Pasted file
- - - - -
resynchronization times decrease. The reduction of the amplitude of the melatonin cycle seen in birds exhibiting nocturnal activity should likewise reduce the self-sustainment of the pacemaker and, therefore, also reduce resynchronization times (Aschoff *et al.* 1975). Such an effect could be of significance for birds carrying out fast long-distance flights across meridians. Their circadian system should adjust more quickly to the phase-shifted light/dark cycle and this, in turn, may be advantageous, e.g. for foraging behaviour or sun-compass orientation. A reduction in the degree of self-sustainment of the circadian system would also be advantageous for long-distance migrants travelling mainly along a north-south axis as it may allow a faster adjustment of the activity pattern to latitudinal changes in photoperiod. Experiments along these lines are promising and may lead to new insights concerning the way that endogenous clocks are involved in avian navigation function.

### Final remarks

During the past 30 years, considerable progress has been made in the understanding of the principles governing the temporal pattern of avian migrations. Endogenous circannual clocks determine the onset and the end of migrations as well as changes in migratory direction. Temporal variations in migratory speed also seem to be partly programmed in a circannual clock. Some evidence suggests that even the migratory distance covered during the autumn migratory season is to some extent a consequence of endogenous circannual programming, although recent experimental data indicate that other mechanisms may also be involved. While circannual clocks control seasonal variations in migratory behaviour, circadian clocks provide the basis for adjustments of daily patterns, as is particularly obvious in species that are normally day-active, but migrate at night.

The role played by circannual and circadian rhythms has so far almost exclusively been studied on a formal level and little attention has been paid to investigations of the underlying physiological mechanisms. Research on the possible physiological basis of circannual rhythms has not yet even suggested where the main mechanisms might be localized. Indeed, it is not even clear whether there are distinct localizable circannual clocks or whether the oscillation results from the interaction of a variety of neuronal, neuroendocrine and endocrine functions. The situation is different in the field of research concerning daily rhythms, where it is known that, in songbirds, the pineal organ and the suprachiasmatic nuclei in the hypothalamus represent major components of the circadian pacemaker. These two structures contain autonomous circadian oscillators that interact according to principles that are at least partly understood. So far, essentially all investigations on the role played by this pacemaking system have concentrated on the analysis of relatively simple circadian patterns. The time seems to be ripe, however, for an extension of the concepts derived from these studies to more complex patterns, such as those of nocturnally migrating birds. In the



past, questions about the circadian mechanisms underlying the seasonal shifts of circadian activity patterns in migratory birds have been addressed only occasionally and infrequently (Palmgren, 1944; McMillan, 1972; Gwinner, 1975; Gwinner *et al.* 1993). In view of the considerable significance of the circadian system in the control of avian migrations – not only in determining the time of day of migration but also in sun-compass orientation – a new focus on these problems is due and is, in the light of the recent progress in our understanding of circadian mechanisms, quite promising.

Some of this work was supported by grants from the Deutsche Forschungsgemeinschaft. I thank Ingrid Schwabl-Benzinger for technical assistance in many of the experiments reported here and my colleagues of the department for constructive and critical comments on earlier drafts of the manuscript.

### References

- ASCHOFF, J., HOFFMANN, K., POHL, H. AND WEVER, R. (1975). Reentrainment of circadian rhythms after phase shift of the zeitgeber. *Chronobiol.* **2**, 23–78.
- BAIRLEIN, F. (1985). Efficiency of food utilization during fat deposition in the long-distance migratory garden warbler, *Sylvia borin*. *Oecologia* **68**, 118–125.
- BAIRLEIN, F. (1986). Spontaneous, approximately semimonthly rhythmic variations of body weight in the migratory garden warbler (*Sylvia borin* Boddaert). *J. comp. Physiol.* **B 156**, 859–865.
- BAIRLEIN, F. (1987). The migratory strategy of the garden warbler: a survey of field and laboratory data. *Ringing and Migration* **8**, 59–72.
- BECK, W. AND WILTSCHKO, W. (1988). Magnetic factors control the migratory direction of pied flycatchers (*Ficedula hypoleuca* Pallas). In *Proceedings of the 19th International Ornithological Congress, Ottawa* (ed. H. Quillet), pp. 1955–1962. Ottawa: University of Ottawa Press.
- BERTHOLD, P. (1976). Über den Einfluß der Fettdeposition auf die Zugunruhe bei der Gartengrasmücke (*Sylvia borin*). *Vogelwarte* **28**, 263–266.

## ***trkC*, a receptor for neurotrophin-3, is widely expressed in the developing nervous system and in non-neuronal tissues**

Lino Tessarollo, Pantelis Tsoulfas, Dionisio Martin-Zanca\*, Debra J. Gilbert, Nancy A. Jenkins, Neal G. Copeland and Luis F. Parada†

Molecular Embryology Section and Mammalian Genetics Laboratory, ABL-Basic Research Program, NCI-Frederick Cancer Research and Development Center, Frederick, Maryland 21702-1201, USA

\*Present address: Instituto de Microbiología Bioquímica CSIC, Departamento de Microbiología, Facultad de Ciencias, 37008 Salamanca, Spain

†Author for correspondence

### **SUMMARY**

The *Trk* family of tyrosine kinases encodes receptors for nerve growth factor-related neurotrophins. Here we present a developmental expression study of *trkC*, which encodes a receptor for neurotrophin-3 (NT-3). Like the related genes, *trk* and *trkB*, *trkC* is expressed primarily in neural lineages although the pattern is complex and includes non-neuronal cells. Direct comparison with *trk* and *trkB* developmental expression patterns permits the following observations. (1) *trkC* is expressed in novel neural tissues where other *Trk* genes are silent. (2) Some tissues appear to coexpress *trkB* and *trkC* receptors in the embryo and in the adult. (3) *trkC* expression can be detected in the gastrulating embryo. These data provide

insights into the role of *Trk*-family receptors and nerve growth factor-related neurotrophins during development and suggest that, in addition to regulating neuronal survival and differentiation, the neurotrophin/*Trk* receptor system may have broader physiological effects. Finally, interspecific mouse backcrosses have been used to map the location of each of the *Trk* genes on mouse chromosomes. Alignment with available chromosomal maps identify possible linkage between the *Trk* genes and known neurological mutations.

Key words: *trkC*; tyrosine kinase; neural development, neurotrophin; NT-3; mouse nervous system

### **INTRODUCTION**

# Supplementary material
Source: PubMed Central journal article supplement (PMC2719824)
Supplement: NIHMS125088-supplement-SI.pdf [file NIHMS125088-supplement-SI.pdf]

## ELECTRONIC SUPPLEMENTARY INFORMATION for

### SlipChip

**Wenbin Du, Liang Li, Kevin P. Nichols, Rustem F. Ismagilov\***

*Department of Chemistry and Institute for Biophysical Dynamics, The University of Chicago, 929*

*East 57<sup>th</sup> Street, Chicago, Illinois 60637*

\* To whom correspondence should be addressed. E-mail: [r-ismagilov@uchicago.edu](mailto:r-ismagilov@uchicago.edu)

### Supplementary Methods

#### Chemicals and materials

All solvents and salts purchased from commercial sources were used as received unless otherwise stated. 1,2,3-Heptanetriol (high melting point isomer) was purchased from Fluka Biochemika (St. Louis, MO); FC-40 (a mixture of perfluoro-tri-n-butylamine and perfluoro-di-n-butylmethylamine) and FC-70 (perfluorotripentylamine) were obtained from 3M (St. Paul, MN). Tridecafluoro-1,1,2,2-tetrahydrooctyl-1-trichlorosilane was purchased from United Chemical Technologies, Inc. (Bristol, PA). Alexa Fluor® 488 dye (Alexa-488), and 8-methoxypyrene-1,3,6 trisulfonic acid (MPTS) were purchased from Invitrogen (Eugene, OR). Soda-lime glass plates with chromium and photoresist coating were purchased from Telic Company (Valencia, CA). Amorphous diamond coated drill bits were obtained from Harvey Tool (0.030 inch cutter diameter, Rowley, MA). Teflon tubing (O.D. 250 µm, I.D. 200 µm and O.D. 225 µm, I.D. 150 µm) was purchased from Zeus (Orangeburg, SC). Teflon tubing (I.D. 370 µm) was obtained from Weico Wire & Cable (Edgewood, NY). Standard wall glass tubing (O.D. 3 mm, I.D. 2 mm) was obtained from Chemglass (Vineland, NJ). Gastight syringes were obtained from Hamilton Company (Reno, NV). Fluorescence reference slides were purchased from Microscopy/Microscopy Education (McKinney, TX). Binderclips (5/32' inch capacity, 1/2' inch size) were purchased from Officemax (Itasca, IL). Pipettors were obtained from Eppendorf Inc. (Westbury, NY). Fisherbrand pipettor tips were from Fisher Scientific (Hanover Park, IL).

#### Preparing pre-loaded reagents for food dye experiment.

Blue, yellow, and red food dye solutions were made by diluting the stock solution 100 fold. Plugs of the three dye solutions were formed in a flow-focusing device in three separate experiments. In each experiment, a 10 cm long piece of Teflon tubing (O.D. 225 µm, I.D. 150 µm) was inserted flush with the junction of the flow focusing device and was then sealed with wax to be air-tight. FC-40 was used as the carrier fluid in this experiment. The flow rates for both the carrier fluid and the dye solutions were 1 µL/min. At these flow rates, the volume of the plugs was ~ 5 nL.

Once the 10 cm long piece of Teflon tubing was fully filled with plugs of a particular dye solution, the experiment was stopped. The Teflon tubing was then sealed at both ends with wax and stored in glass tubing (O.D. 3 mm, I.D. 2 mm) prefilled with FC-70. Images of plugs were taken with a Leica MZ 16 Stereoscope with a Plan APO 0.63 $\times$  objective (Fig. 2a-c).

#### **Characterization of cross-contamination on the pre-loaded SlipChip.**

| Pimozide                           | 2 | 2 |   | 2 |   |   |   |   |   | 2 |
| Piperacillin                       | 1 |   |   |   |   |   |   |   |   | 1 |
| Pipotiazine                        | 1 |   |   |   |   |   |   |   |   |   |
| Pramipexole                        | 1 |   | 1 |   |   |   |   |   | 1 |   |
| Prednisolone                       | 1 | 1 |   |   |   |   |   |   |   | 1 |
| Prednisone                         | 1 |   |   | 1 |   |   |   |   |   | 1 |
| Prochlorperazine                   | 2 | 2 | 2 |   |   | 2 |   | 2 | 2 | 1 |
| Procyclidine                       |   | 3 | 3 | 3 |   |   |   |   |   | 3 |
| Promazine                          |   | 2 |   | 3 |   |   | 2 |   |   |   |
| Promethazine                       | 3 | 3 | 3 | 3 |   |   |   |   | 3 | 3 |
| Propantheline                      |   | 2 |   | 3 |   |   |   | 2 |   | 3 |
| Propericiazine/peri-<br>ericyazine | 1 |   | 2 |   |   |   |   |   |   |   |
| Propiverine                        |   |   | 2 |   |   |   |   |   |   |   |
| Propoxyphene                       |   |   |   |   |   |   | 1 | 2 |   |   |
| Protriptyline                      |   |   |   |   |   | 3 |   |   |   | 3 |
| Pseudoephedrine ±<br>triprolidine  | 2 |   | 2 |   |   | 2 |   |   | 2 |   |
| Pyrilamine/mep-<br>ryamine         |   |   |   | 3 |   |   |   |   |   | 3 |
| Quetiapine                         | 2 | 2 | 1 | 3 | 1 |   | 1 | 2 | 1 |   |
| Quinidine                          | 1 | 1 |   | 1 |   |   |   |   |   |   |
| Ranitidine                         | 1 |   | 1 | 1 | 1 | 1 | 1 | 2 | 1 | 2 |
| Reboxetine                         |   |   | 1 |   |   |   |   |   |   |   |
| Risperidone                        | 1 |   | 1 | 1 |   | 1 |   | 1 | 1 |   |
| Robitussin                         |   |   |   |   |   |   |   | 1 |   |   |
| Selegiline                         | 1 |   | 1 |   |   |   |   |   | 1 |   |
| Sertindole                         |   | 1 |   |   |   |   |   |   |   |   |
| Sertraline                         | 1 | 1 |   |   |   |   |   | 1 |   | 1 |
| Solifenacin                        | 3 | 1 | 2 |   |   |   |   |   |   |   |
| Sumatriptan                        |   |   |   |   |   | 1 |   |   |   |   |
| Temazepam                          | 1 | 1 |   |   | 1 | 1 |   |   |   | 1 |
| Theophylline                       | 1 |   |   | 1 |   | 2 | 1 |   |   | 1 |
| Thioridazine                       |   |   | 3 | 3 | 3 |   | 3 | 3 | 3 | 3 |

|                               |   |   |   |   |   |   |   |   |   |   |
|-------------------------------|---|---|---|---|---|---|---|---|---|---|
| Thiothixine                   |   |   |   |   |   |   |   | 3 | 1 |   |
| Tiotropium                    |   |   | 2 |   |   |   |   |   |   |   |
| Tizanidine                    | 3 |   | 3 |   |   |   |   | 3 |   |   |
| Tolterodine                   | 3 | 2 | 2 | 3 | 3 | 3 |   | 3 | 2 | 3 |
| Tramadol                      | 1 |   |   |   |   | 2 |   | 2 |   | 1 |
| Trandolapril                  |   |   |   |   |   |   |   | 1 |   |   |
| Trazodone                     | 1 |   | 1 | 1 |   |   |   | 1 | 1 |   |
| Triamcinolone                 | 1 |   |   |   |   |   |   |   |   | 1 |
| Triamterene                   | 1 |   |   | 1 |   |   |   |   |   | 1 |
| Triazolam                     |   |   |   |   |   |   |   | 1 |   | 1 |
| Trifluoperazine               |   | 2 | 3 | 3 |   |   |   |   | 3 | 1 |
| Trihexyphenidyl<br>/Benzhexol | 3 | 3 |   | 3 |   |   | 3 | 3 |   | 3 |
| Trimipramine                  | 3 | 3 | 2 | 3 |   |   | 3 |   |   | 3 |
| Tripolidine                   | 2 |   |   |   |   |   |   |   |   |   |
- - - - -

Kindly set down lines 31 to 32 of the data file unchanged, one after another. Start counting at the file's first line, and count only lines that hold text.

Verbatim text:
*East 57<sup>th</sup> Street, Chicago, Illinois 60637*

\* To whom correspondence should be addressed. E-mail: [r-ismagilov@uchicago.edu](mailto:r-ismagilov@uchicago.edu)